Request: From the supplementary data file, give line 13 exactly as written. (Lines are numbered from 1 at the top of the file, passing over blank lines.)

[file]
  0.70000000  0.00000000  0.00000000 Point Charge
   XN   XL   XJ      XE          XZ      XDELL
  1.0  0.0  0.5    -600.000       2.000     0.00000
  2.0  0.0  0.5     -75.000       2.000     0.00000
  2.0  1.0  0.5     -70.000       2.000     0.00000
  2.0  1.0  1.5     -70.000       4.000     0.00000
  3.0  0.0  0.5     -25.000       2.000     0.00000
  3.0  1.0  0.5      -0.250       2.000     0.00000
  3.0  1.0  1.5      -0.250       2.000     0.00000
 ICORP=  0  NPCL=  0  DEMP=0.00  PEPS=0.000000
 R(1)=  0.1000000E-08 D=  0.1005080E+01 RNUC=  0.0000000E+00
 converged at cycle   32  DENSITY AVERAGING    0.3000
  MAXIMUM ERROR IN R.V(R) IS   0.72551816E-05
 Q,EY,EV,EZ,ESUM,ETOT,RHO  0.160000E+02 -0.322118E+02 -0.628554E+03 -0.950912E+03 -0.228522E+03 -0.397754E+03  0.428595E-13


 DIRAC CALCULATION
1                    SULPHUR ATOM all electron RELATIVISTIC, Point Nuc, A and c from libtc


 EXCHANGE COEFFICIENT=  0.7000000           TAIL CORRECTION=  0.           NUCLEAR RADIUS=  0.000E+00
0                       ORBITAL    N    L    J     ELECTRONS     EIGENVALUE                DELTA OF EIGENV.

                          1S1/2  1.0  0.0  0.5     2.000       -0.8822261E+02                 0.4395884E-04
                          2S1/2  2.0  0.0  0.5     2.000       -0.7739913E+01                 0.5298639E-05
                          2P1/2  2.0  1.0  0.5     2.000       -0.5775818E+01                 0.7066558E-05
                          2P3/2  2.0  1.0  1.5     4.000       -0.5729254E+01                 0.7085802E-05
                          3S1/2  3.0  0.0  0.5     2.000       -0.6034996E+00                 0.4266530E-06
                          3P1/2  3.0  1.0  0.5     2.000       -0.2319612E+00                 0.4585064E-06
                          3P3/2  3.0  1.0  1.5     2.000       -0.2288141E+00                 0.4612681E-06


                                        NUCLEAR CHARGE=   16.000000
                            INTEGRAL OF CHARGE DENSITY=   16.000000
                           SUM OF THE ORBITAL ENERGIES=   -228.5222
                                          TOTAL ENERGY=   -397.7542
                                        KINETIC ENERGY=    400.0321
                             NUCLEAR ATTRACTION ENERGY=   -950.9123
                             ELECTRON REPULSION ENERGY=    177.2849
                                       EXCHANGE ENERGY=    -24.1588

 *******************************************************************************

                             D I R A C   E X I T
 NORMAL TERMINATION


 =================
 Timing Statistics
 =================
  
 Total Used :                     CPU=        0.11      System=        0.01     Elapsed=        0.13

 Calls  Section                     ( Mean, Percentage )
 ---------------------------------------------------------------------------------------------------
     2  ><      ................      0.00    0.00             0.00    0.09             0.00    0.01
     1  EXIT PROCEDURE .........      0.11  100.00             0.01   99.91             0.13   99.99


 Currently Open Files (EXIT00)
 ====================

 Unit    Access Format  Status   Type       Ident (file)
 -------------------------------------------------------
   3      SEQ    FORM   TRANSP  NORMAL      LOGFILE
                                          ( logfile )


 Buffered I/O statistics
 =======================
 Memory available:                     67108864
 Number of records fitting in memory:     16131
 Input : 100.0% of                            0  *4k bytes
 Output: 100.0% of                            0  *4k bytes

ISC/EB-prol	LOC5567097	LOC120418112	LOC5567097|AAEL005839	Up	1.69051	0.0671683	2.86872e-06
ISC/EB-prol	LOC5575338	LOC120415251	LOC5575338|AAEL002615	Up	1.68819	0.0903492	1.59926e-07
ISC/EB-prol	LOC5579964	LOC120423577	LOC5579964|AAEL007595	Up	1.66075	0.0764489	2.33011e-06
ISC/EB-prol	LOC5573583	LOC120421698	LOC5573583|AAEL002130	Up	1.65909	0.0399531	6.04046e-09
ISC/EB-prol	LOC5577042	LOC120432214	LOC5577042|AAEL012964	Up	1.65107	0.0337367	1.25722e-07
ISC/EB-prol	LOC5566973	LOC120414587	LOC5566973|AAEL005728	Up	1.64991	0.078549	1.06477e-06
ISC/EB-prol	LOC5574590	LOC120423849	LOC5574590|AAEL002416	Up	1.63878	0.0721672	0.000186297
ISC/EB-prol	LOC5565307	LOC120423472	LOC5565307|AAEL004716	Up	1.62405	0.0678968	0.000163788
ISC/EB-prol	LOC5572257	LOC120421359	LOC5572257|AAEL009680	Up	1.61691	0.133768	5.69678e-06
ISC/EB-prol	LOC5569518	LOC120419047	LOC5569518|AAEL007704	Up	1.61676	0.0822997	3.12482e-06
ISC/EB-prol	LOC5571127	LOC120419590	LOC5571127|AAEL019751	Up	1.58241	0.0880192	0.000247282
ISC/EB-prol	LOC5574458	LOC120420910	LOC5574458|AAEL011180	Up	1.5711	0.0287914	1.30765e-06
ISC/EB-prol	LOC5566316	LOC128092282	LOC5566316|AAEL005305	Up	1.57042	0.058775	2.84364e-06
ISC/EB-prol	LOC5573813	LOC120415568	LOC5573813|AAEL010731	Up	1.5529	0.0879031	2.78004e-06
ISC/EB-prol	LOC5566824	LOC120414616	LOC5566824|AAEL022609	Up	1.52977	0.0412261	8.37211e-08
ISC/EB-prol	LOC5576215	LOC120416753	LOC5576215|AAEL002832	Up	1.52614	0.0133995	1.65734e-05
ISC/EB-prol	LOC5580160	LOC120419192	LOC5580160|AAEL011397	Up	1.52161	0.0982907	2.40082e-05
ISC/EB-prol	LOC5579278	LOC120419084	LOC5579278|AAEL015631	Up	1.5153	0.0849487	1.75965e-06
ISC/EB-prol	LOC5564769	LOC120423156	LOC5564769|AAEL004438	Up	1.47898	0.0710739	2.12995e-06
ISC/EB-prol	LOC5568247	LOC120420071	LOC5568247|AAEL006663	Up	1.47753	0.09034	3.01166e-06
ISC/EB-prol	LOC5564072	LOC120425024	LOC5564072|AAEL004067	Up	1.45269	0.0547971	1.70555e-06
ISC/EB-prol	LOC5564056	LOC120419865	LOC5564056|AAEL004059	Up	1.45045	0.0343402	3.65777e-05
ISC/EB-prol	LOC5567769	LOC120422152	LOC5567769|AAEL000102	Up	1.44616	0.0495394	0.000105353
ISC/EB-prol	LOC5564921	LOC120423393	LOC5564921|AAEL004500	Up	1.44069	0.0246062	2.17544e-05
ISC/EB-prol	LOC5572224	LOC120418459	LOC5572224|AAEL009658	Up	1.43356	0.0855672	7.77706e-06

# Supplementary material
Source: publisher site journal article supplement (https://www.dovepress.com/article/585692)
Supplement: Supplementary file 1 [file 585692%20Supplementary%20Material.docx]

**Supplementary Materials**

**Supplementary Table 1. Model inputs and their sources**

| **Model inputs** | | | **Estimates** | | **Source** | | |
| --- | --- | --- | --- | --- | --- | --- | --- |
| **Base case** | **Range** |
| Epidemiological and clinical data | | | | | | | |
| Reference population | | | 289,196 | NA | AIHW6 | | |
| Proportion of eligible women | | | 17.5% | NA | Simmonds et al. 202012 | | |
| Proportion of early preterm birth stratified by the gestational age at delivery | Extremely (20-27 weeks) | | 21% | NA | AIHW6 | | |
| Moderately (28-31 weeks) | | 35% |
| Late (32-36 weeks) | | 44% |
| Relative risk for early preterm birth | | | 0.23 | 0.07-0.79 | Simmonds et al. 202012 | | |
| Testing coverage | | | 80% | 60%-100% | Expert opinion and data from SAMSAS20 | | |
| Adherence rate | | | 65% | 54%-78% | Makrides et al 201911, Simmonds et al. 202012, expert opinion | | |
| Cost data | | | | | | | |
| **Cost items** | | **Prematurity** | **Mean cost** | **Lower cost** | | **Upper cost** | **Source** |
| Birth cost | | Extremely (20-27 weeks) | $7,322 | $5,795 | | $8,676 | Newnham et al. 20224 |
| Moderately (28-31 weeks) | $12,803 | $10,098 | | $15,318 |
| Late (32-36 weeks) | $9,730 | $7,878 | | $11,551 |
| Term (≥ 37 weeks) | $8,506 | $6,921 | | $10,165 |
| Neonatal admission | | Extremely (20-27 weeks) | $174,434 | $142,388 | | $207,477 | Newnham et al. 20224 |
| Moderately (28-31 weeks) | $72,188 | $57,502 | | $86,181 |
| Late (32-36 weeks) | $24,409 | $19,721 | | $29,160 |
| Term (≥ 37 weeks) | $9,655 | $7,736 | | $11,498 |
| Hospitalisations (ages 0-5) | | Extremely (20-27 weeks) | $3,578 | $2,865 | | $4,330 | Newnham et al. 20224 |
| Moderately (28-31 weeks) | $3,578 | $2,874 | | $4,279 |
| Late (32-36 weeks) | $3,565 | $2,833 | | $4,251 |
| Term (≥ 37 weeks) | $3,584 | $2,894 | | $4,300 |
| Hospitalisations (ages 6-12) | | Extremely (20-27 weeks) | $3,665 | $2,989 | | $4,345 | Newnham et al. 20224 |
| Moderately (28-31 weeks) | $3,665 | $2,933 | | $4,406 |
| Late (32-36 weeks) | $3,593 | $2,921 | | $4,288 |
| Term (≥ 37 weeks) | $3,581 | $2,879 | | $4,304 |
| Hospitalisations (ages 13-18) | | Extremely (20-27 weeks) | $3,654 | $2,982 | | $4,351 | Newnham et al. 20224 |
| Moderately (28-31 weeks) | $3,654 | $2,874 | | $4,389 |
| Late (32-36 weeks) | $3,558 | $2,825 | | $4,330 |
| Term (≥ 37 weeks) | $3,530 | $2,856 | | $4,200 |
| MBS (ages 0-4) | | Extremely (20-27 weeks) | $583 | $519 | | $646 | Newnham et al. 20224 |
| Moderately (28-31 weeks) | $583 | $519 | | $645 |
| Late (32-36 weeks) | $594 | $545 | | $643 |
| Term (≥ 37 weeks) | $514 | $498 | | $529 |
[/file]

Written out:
  MAXIMUM ERROR IN R.V(R) IS   0.72551816E-05